To save money and time, the electrical wiring was run by Mr CH after instruction by our sparky friend. All checked and connected by him, we paid for 4 1/2 hours of labour only, which included the new earth rod. All wiring and switches bought by us as well. We bought them new however at demo yards and opshops you can get them for $1.
  For our overseas readers, Australia is one of the few countries in the world where it is illegal for home owners do do any electrical work on their home other than changing a light bulb. The same control is over plumbing work as well. Which is why Australians have to pay a plumber $60+ dollars an hour to change a tap washer??? Which contributes to our high cost of living.
In the old days ( less than 50 years ago) self- sufficiency was the norm, not just a trendy catch phrase.
 Government control and all that.
(just watched a tv show last night where the Chasers team up with Choice to expose the retail rip offs consumers are constantly exposed to. Disturbingly funny, worth another view here)
 
Looking towards bed3

Extra studs added to the original wall to nail the VJ panels to, floor finished, our only built in cupboard was lined with 3 ply and MDF shelves. Which were then covered in contact.



This sitting room has never served the sole purpose of an extra living space until recently and has been used as a dining room, storage space and extra bedroom in the past. It is long over due for a makeover. No styled pics here, we still have an extra lounge in here from the painting floorboards job in January, because an older kid swiped the tv. And there is a love/hate relationship with most of our wall art at the moment, hence empty wall nails. At least I moved the "crap stack" from the end of the kitchen bench for a photo, ha.
 

So our 4 room home extension costs including demolition and rebuild - less than $13 000 (pre GST 1999/2000) and took us 18 months.
  The crazy part - it was %90 constructed with a hand saw, hammer and a few tools borrowed from family and friends! This was before the availability of cheap home handyman power tools, which we now have an abundance of.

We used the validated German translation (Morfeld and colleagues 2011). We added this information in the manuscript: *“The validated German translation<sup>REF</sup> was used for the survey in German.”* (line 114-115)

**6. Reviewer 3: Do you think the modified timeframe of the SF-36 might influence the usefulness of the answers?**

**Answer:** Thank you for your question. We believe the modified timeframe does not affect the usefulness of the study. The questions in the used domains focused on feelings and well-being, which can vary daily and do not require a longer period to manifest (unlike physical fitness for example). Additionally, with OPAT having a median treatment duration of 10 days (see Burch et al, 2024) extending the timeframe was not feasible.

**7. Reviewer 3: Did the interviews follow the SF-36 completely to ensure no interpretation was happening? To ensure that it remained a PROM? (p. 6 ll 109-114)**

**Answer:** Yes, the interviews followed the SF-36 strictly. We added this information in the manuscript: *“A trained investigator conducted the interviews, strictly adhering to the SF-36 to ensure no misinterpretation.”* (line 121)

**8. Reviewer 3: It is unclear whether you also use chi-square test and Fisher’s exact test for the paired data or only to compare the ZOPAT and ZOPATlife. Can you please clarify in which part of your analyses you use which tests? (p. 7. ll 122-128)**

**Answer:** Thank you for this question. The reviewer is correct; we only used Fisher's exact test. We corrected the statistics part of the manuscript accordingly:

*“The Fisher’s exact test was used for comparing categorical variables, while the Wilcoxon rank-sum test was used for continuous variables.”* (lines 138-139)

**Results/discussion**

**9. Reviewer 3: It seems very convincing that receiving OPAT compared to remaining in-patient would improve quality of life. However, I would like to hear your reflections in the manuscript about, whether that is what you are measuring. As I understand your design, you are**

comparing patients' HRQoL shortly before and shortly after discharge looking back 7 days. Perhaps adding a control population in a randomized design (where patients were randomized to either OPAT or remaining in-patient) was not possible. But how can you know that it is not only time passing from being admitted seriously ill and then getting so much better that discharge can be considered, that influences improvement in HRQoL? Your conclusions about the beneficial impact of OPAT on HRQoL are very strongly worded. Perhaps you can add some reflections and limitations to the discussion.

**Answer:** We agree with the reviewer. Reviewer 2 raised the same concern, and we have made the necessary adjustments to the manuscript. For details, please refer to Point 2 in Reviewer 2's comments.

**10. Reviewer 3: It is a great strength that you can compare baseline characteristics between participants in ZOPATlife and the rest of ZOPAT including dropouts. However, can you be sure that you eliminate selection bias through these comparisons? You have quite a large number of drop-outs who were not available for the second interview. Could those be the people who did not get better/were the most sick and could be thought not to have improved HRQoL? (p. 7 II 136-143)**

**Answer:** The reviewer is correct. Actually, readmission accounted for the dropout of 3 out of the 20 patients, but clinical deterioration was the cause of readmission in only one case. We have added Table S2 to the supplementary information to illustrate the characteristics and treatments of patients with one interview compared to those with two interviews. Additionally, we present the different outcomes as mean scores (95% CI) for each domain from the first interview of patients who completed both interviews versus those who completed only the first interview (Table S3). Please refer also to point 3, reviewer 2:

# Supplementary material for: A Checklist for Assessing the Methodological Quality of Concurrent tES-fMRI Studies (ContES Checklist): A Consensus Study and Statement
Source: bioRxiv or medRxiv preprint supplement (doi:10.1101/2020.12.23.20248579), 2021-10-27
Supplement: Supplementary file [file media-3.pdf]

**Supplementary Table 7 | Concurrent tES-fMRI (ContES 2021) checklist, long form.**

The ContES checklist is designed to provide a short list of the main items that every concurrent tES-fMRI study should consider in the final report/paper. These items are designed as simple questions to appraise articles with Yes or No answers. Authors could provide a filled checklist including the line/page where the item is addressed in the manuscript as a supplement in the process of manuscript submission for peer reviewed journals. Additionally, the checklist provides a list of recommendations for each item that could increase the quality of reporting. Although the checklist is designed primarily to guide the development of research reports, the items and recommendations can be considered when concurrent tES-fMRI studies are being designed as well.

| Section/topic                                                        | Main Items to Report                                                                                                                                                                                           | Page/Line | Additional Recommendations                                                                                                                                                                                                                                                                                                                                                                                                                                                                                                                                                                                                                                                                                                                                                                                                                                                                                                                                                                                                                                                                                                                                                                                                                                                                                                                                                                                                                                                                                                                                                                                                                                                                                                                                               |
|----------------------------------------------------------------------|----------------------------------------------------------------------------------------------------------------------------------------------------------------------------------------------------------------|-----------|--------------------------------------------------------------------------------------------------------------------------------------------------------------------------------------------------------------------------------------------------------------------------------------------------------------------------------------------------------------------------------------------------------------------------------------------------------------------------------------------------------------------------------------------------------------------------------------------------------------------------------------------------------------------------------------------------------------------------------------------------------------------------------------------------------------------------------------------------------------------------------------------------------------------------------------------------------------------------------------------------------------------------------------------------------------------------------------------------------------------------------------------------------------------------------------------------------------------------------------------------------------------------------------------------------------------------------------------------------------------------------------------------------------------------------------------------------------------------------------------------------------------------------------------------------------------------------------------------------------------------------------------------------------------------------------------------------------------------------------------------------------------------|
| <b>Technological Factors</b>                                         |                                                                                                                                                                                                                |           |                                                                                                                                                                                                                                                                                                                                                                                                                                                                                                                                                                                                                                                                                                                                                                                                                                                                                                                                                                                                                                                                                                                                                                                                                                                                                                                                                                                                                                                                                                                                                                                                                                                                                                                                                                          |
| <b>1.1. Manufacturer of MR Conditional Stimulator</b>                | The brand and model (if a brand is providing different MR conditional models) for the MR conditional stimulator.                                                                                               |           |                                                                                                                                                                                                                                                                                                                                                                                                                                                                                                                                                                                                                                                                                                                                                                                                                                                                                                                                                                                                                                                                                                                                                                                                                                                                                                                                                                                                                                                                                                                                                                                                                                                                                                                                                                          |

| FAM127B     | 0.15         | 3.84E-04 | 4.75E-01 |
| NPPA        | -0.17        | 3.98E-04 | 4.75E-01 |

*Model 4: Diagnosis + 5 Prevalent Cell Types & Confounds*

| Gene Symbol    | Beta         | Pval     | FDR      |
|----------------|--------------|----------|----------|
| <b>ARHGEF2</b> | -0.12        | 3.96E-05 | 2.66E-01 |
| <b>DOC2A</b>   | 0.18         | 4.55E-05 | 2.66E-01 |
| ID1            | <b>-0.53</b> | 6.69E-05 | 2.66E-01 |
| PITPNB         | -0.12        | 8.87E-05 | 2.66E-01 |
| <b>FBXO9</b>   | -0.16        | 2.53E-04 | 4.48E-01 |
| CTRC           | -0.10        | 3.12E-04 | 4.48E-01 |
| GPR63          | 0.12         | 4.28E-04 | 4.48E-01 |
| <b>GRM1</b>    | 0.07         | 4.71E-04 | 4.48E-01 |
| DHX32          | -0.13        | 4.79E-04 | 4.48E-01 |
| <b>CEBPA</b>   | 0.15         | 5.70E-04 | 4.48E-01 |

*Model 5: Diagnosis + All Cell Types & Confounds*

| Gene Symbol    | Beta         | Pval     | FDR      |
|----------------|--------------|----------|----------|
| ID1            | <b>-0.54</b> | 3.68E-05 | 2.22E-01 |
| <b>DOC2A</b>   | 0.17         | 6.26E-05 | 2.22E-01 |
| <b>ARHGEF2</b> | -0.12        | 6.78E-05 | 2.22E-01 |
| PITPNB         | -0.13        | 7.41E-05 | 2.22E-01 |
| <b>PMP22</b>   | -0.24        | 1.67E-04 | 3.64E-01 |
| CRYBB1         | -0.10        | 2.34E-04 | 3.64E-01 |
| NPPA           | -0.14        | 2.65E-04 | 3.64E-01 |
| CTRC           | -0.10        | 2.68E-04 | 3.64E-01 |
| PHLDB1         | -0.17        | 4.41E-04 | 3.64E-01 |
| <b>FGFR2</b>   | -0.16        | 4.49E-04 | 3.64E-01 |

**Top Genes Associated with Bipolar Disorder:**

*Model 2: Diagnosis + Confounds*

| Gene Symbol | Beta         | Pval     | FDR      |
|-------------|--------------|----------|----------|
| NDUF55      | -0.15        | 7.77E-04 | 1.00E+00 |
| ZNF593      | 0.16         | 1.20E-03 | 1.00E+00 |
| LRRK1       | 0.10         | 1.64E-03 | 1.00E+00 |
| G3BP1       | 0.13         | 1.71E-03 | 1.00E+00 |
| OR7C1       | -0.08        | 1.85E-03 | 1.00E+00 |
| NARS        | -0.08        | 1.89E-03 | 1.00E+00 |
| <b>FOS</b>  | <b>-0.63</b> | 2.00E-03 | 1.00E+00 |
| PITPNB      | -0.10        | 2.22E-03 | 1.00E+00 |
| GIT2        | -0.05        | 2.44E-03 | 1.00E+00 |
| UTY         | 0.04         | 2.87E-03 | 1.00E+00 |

Though we did buy a cement mixer for the foundations (not as a jungle gym), which has been handy for family and friends over the years and has been a very good buy.
 

I'll be back next time with a look at our el-cheapo kitchen (circa 1999/2000) that we built ourselves for a few hundred dollars.


10 comments:

  1. OMG! That is just incredible!!!! To think that you guys built all that and at that price..amazing. Its just lovely too. Do you do commissions..haha

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    Replies
    1. Haha, only if you want it 90% finished.

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  2. No wonder you are doing so many complex things on your reno..you are very seasoned renovators/builders. The extension turned out beautifully, a very practical extension of space. I am looking forward to hearing about your kitchen next.

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  3. Amazing! I watched that show last night - funny and a bit awful that we get so ripped off....

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  4. What an amazing post, your building journey is fantastic to read about !!!

    HLQ

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  5. Love reading your DIY reno posts - amazing how much money can be saved! Our quotes (3 from 5) are now just starting to hit my in-box. Looks like the building game is pretty tight at the moment, because there's not a huge difference in the quotes so far. xx

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  6. Great post, love your timber bench top in the kitchen, I'm a blue girl too.

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  7. I am glad you finally got a roof on! At least you are now confident you wouldn't get wet if it rains again. You know what I like the most about your house? It would be the space. Just by looking at these photos, I can tell that it is well-ventilated. And the roof seems to be sturdy. I hope you placed enough beams for support, so it won't get blown away by a heavy storm.

    Elizabeth Hoffnung

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  8. Once you have made up your mind for home extension, firstly you need to have some good planning and funds available to have it done. Secondly, if you are short of time and not able to manage the project, you need to hire some good and experienced professional home builders Adelaide to get it done for you.

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  9. this is good example of house extension and in present time is this is main issue your discussion abut house extension is to good.
    house extensions Qld

    ReplyDelete